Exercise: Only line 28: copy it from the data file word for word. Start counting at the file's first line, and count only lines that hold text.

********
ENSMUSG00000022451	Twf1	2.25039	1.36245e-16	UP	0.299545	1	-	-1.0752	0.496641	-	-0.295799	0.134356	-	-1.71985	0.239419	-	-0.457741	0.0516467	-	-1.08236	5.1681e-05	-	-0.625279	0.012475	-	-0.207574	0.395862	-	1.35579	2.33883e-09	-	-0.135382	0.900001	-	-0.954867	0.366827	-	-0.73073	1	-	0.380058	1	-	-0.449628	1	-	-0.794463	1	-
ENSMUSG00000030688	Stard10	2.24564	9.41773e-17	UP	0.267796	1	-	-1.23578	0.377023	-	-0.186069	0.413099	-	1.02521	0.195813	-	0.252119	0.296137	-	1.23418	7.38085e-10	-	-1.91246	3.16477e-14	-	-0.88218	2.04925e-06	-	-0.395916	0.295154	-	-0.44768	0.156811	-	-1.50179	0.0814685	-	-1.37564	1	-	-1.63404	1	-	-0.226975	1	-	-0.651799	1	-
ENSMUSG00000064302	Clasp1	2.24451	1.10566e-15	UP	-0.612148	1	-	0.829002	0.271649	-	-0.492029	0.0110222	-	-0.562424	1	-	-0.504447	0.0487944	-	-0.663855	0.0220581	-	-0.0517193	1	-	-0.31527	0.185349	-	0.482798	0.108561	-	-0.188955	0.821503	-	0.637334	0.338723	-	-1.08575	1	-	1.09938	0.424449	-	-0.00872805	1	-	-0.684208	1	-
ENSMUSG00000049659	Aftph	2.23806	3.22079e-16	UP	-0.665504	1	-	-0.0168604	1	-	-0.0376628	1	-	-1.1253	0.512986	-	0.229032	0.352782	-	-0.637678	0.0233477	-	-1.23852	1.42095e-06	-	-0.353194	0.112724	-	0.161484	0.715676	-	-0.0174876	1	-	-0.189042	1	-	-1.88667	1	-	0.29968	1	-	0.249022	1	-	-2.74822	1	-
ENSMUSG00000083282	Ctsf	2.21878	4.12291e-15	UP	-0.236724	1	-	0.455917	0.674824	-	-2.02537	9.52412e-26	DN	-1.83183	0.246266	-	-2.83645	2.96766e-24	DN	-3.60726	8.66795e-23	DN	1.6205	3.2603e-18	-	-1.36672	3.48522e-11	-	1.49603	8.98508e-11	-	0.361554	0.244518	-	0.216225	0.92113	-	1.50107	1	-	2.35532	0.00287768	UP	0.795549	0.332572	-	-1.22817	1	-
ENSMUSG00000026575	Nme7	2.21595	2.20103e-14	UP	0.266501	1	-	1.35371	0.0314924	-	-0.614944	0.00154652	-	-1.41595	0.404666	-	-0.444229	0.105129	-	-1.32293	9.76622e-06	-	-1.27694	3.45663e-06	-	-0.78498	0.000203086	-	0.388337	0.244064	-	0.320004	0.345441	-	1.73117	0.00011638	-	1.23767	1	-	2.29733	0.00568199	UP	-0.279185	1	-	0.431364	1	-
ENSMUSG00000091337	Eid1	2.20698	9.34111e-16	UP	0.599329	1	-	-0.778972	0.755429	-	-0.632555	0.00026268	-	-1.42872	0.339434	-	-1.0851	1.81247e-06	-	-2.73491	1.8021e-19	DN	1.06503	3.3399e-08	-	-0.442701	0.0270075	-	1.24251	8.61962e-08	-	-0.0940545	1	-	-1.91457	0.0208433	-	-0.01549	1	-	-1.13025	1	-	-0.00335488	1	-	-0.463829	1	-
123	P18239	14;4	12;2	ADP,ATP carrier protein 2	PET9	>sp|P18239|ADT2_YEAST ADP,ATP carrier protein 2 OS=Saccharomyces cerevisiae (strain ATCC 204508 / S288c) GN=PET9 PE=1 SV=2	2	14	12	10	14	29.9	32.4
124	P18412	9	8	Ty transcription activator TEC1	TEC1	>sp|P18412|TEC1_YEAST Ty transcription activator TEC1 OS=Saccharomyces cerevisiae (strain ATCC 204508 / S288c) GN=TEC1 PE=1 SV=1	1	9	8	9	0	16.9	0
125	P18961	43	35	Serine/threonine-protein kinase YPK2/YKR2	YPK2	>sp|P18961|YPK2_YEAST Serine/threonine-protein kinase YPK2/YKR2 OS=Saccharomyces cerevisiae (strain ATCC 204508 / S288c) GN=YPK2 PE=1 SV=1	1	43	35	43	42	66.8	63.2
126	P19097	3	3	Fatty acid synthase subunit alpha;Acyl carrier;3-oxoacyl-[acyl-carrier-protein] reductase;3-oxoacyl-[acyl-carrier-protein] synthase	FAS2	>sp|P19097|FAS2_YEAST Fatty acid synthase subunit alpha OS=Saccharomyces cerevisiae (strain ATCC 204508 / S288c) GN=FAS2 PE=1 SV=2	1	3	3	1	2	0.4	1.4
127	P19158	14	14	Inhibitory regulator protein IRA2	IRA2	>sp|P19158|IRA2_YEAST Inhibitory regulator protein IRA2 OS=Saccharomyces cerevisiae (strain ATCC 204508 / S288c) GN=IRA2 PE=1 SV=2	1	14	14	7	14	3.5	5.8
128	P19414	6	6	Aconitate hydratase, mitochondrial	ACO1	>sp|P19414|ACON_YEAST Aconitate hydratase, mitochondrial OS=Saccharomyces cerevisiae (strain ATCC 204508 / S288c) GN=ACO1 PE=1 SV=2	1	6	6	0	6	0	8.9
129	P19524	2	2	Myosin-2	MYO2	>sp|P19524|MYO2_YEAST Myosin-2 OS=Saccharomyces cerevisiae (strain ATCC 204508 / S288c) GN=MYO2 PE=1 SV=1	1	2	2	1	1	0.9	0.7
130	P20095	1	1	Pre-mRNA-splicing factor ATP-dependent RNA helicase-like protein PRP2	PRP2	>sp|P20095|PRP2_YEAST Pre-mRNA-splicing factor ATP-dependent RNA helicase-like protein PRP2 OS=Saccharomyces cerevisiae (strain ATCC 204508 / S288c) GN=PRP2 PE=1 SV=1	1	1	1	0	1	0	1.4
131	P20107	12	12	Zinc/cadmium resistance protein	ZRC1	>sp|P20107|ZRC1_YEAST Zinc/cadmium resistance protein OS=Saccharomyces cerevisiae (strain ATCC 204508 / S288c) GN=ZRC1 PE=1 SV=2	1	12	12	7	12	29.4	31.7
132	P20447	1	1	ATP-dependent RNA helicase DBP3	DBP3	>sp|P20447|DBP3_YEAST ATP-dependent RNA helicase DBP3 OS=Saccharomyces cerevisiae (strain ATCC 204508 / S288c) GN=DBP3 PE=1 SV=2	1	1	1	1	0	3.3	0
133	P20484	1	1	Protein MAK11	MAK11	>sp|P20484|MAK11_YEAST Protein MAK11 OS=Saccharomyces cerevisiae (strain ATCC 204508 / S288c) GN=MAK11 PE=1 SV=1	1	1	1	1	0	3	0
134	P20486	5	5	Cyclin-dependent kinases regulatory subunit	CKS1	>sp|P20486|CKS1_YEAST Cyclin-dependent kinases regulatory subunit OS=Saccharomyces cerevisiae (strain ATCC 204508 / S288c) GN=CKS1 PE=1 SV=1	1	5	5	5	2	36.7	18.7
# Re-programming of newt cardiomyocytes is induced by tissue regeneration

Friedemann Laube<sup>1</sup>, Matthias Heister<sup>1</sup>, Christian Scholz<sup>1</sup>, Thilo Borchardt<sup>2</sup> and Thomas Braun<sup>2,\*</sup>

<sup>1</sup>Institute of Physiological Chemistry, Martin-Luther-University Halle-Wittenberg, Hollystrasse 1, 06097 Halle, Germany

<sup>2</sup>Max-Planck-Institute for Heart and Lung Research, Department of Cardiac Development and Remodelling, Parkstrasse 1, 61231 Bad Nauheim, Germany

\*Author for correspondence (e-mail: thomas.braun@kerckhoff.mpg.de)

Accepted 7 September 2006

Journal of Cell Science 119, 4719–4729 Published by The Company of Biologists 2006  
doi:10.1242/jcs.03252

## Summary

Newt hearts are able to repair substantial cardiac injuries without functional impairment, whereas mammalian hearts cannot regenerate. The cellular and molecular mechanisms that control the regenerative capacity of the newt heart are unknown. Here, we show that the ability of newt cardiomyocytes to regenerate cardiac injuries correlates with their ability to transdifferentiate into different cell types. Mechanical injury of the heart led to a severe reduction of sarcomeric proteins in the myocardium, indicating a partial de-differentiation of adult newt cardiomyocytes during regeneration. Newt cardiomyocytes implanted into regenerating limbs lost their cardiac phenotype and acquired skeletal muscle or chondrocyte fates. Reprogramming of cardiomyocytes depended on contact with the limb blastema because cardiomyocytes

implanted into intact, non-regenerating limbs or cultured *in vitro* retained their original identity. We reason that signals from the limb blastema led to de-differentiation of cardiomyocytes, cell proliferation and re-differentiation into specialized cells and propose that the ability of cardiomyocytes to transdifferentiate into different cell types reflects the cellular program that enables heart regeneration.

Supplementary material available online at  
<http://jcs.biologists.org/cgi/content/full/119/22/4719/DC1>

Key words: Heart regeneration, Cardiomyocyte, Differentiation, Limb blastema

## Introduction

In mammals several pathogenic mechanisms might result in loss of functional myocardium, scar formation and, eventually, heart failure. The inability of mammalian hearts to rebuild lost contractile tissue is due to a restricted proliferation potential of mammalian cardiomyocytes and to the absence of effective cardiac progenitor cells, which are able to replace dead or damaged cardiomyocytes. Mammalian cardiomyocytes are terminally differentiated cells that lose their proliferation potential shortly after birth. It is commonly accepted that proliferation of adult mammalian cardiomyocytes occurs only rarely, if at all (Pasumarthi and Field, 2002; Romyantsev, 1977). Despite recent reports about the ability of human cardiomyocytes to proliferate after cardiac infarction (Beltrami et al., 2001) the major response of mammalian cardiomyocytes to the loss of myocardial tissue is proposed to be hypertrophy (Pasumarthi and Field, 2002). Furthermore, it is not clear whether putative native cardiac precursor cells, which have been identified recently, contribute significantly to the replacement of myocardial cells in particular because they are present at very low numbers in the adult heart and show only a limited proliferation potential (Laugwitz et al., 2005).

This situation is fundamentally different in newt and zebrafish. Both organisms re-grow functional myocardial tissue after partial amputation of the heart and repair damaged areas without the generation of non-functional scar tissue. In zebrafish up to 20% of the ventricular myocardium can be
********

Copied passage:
## Summary